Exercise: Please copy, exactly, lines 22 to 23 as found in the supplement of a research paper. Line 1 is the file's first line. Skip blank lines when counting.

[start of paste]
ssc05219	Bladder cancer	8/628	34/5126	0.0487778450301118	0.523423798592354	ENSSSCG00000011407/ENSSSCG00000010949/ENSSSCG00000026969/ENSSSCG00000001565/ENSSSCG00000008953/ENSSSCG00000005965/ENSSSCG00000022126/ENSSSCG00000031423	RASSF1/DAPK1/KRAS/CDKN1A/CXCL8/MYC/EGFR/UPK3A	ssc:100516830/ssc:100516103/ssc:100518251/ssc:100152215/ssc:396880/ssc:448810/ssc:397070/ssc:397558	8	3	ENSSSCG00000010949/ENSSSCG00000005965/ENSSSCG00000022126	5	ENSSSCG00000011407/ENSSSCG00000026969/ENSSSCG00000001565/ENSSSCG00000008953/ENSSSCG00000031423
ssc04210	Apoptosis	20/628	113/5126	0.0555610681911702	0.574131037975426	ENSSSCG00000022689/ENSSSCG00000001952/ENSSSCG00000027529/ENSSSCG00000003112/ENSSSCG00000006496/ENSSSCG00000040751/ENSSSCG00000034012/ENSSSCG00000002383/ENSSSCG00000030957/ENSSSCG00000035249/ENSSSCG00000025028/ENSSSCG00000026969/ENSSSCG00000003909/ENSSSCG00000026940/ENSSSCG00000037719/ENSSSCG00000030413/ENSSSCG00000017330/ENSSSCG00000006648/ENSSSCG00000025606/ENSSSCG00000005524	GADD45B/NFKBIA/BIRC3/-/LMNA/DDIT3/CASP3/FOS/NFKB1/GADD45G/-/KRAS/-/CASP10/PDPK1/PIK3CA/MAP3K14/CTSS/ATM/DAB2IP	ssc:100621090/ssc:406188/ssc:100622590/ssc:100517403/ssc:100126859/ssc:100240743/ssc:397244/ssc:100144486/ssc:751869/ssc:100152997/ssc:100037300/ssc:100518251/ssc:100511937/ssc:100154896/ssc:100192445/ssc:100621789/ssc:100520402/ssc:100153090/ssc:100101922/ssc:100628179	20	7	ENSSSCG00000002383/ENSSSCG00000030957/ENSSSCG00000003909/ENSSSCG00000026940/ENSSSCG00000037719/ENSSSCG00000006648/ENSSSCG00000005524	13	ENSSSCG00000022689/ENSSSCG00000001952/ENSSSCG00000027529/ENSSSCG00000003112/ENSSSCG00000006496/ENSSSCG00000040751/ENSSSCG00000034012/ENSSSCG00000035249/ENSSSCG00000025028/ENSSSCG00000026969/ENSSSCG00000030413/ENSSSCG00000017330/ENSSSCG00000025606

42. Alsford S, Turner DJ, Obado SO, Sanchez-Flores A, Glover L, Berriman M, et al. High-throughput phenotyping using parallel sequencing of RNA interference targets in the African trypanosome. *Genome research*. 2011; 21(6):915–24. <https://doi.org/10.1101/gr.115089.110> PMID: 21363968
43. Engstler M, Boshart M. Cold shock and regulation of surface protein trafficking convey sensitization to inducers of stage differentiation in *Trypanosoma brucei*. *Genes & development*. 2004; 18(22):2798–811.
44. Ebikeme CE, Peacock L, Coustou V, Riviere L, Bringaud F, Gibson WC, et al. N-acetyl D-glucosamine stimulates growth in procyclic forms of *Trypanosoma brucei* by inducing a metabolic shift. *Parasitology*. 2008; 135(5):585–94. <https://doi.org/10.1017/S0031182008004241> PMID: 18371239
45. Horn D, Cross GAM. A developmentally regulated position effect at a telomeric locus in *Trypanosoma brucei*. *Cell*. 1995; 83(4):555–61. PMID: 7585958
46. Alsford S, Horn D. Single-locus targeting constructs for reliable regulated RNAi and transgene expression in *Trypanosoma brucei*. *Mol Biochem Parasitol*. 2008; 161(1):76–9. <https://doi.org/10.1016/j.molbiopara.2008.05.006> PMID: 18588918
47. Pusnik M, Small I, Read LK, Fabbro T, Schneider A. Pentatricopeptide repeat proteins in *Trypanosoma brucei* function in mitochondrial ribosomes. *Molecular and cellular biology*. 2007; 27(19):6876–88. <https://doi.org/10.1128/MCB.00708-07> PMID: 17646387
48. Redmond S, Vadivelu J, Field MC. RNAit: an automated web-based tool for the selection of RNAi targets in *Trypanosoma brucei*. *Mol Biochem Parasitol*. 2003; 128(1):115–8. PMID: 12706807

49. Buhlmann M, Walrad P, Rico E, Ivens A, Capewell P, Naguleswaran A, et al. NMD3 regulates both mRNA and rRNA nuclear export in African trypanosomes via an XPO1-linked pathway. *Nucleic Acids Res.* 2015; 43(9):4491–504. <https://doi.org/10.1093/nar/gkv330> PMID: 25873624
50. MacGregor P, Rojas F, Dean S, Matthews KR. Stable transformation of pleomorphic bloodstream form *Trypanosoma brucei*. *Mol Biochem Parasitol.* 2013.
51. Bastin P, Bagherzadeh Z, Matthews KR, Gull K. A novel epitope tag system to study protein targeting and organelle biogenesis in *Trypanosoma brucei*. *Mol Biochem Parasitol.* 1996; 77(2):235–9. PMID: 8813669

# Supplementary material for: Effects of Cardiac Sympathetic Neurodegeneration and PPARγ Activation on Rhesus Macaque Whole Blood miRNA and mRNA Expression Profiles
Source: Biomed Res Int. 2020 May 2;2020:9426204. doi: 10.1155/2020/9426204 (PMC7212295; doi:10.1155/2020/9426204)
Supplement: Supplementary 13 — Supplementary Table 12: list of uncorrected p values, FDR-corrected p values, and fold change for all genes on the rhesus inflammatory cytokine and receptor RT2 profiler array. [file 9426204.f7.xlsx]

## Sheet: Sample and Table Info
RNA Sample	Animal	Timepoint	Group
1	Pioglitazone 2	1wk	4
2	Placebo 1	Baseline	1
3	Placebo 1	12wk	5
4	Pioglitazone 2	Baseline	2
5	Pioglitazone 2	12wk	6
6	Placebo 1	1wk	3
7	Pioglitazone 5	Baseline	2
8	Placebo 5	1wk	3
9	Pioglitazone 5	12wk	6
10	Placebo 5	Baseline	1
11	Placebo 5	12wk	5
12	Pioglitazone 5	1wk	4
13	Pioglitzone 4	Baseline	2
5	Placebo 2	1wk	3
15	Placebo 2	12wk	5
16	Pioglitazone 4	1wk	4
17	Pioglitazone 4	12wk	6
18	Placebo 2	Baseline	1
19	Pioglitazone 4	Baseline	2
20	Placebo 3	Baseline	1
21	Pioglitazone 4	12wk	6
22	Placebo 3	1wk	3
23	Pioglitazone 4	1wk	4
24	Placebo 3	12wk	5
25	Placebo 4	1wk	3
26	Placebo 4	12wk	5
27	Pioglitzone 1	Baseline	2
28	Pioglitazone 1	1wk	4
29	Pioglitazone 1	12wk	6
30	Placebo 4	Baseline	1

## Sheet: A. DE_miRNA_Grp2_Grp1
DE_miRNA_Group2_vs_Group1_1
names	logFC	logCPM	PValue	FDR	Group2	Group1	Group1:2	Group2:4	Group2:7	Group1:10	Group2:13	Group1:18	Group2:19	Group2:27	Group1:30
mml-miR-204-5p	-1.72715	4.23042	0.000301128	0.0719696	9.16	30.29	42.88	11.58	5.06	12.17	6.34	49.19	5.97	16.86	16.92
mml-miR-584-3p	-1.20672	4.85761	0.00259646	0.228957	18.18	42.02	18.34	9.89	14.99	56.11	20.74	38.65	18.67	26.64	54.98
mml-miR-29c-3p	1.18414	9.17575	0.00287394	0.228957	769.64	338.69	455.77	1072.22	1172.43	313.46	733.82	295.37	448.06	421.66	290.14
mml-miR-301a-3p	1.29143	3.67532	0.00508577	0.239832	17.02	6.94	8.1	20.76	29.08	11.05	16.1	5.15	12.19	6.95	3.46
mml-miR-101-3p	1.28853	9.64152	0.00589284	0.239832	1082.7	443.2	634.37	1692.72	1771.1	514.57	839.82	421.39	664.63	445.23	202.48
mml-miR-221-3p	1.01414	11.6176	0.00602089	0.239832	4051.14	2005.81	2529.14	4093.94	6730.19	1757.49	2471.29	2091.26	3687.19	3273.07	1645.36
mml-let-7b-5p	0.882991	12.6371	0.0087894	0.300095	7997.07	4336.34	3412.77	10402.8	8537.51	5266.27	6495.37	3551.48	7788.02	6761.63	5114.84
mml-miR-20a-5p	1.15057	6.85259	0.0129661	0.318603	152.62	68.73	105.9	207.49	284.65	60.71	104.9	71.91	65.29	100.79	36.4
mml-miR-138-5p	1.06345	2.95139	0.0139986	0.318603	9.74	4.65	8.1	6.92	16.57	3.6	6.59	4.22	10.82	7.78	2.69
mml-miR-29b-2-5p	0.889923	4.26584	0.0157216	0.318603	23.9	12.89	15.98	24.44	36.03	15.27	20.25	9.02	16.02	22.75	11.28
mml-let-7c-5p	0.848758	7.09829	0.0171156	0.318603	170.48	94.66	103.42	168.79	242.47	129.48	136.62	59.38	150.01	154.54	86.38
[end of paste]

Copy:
5	Pioglitazone 2	12wk	6
6	Placebo 1	1wk	3